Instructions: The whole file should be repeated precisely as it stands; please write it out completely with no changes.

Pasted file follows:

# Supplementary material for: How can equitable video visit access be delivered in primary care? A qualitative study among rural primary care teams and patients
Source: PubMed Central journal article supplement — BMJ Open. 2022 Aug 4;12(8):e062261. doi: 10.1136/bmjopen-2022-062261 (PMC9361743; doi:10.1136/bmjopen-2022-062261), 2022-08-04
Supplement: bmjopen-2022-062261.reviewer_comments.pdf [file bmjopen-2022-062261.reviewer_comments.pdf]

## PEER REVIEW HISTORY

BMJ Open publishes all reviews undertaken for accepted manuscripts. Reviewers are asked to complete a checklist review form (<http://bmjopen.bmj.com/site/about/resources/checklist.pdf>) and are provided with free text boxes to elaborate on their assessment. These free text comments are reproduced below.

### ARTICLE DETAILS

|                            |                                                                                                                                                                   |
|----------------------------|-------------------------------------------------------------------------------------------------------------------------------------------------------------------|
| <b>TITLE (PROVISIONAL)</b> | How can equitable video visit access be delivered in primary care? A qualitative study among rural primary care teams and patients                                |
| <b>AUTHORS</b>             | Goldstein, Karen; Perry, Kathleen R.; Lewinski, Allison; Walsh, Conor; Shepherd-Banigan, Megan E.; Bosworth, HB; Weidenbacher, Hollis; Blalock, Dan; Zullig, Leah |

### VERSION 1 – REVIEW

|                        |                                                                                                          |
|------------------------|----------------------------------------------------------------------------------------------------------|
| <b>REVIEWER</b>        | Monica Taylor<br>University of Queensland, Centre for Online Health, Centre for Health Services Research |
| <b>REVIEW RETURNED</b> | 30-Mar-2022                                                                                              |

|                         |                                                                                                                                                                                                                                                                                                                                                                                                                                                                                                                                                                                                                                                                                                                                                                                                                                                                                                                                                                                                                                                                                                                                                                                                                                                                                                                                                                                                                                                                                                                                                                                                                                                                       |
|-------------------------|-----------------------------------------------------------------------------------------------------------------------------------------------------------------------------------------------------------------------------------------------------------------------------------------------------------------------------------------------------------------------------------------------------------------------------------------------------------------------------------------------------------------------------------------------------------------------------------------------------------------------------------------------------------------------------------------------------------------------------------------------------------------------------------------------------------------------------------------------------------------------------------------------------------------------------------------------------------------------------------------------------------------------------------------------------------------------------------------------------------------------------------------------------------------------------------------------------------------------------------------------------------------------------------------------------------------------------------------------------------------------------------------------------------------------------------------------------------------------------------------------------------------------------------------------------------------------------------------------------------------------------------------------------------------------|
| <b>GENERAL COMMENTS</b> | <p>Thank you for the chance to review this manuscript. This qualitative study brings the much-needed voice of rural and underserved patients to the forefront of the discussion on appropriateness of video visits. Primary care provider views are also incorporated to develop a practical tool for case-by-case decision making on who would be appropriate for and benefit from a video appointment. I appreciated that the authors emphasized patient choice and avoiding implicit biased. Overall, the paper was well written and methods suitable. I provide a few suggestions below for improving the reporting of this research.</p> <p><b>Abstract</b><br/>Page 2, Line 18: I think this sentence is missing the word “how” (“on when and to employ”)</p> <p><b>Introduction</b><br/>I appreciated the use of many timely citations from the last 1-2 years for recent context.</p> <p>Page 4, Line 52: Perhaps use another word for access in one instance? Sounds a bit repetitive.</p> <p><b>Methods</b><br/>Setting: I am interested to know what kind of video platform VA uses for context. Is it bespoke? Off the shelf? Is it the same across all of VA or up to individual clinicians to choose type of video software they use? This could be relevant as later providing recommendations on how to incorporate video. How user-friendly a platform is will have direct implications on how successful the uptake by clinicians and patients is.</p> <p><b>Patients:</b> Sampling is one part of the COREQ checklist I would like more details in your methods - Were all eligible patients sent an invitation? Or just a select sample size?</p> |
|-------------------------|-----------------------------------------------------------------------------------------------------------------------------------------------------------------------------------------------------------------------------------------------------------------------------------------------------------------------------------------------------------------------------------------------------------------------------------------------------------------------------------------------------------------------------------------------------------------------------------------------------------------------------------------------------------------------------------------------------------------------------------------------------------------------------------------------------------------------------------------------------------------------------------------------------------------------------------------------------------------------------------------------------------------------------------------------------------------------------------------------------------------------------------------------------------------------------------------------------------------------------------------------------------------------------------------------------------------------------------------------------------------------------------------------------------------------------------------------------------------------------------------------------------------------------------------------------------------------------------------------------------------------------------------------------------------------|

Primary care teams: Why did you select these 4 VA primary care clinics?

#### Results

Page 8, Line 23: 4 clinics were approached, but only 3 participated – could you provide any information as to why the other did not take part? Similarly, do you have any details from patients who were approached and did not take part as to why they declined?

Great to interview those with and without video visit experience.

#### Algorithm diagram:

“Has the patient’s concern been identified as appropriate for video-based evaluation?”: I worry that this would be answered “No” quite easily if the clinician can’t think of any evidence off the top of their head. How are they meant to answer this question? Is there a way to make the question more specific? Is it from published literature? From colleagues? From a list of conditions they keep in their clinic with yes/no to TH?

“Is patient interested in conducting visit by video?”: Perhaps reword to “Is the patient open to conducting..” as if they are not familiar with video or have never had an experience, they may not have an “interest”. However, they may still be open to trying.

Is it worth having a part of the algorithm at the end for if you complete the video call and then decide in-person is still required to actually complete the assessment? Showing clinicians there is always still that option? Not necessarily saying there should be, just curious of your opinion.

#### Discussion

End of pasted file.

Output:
# Supplementary material for: How can equitable video visit access be delivered in primary care? A qualitative study among rural primary care teams and patients
Source: PubMed Central journal article supplement — BMJ Open. 2022 Aug 4;12(8):e062261. doi: 10.1136/bmjopen-2022-062261 (PMC9361743; doi:10.1136/bmjopen-2022-062261), 2022-08-04
Supplement: bmjopen-2022-062261.reviewer_comments.pdf [file bmjopen-2022-062261.reviewer_comments.pdf]

## PEER REVIEW HISTORY

BMJ Open publishes all reviews undertaken for accepted manuscripts. Reviewers are asked to complete a checklist review form (<http://bmjopen.bmj.com/site/about/resources/checklist.pdf>) and are provided with free text boxes to elaborate on their assessment. These free text comments are reproduced below.

### ARTICLE DETAILS

|                            |                                                                                                                                                                   |
|----------------------------|-------------------------------------------------------------------------------------------------------------------------------------------------------------------|
| <b>TITLE (PROVISIONAL)</b> | How can equitable video visit access be delivered in primary care? A qualitative study among rural primary care teams and patients                                |
| <b>AUTHORS</b>             | Goldstein, Karen; Perry, Kathleen R.; Lewinski, Allison; Walsh, Conor; Shepherd-Banigan, Megan E.; Bosworth, HB; Weidenbacher, Hollis; Blalock, Dan; Zullig, Leah |

### VERSION 1 – REVIEW

|                        |                                                                                                          |
|------------------------|----------------------------------------------------------------------------------------------------------|
| <b>REVIEWER</b>        | Monica Taylor<br>University of Queensland, Centre for Online Health, Centre for Health Services Research |
| <b>REVIEW RETURNED</b> | 30-Mar-2022                                                                                              |

|                         |                                                                                                                                                                                                                                                                                                                                                                                                                                                                                                                                                                                                                                                                                                                                                                                                                                                                                                                                                                                                                                                                                                                                                                                                                                                                                                                                                                                                                                                                                                                                                                                                                                                                       |
|-------------------------|-----------------------------------------------------------------------------------------------------------------------------------------------------------------------------------------------------------------------------------------------------------------------------------------------------------------------------------------------------------------------------------------------------------------------------------------------------------------------------------------------------------------------------------------------------------------------------------------------------------------------------------------------------------------------------------------------------------------------------------------------------------------------------------------------------------------------------------------------------------------------------------------------------------------------------------------------------------------------------------------------------------------------------------------------------------------------------------------------------------------------------------------------------------------------------------------------------------------------------------------------------------------------------------------------------------------------------------------------------------------------------------------------------------------------------------------------------------------------------------------------------------------------------------------------------------------------------------------------------------------------------------------------------------------------|
| <b>GENERAL COMMENTS</b> | <p>Thank you for the chance to review this manuscript. This qualitative study brings the much-needed voice of rural and underserved patients to the forefront of the discussion on appropriateness of video visits. Primary care provider views are also incorporated to develop a practical tool for case-by-case decision making on who would be appropriate for and benefit from a video appointment. I appreciated that the authors emphasized patient choice and avoiding implicit biased. Overall, the paper was well written and methods suitable. I provide a few suggestions below for improving the reporting of this research.</p> <p><b>Abstract</b><br/>Page 2, Line 18: I think this sentence is missing the word “how” (“on when and to employ”)</p> <p><b>Introduction</b><br/>I appreciated the use of many timely citations from the last 1-2 years for recent context.</p> <p>Page 4, Line 52: Perhaps use another word for access in one instance? Sounds a bit repetitive.</p> <p><b>Methods</b><br/>Setting: I am interested to know what kind of video platform VA uses for context. Is it bespoke? Off the shelf? Is it the same across all of VA or up to individual clinicians to choose type of video software they use? This could be relevant as later providing recommendations on how to incorporate video. How user-friendly a platform is will have direct implications on how successful the uptake by clinicians and patients is.</p> <p><b>Patients:</b> Sampling is one part of the COREQ checklist I would like more details in your methods - Were all eligible patients sent an invitation? Or just a select sample size?</p> |
|-------------------------|-----------------------------------------------------------------------------------------------------------------------------------------------------------------------------------------------------------------------------------------------------------------------------------------------------------------------------------------------------------------------------------------------------------------------------------------------------------------------------------------------------------------------------------------------------------------------------------------------------------------------------------------------------------------------------------------------------------------------------------------------------------------------------------------------------------------------------------------------------------------------------------------------------------------------------------------------------------------------------------------------------------------------------------------------------------------------------------------------------------------------------------------------------------------------------------------------------------------------------------------------------------------------------------------------------------------------------------------------------------------------------------------------------------------------------------------------------------------------------------------------------------------------------------------------------------------------------------------------------------------------------------------------------------------------|

Primary care teams: Why did you select these 4 VA primary care clinics?

#### Results

Page 8, Line 23: 4 clinics were approached, but only 3 participated – could you provide any information as to why the other did not take part? Similarly, do you have any details from patients who were approached and did not take part as to why they declined?

Great to interview those with and without video visit experience.

#### Algorithm diagram:

“Has the patient’s concern been identified as appropriate for video-based evaluation?”: I worry that this would be answered “No” quite easily if the clinician can’t think of any evidence off the top of their head. How are they meant to answer this question? Is there a way to make the question more specific? Is it from published literature? From colleagues? From a list of conditions they keep in their clinic with yes/no to TH?

“Is patient interested in conducting visit by video?”: Perhaps reword to “Is the patient open to conducting..” as if they are not familiar with video or have never had an experience, they may not have an “interest”. However, they may still be open to trying.

Is it worth having a part of the algorithm at the end for if you complete the video call and then decide in-person is still required to actually complete the assessment? Showing clinicians there is always still that option? Not necessarily saying there should be, just curious of your opinion.

#### Discussion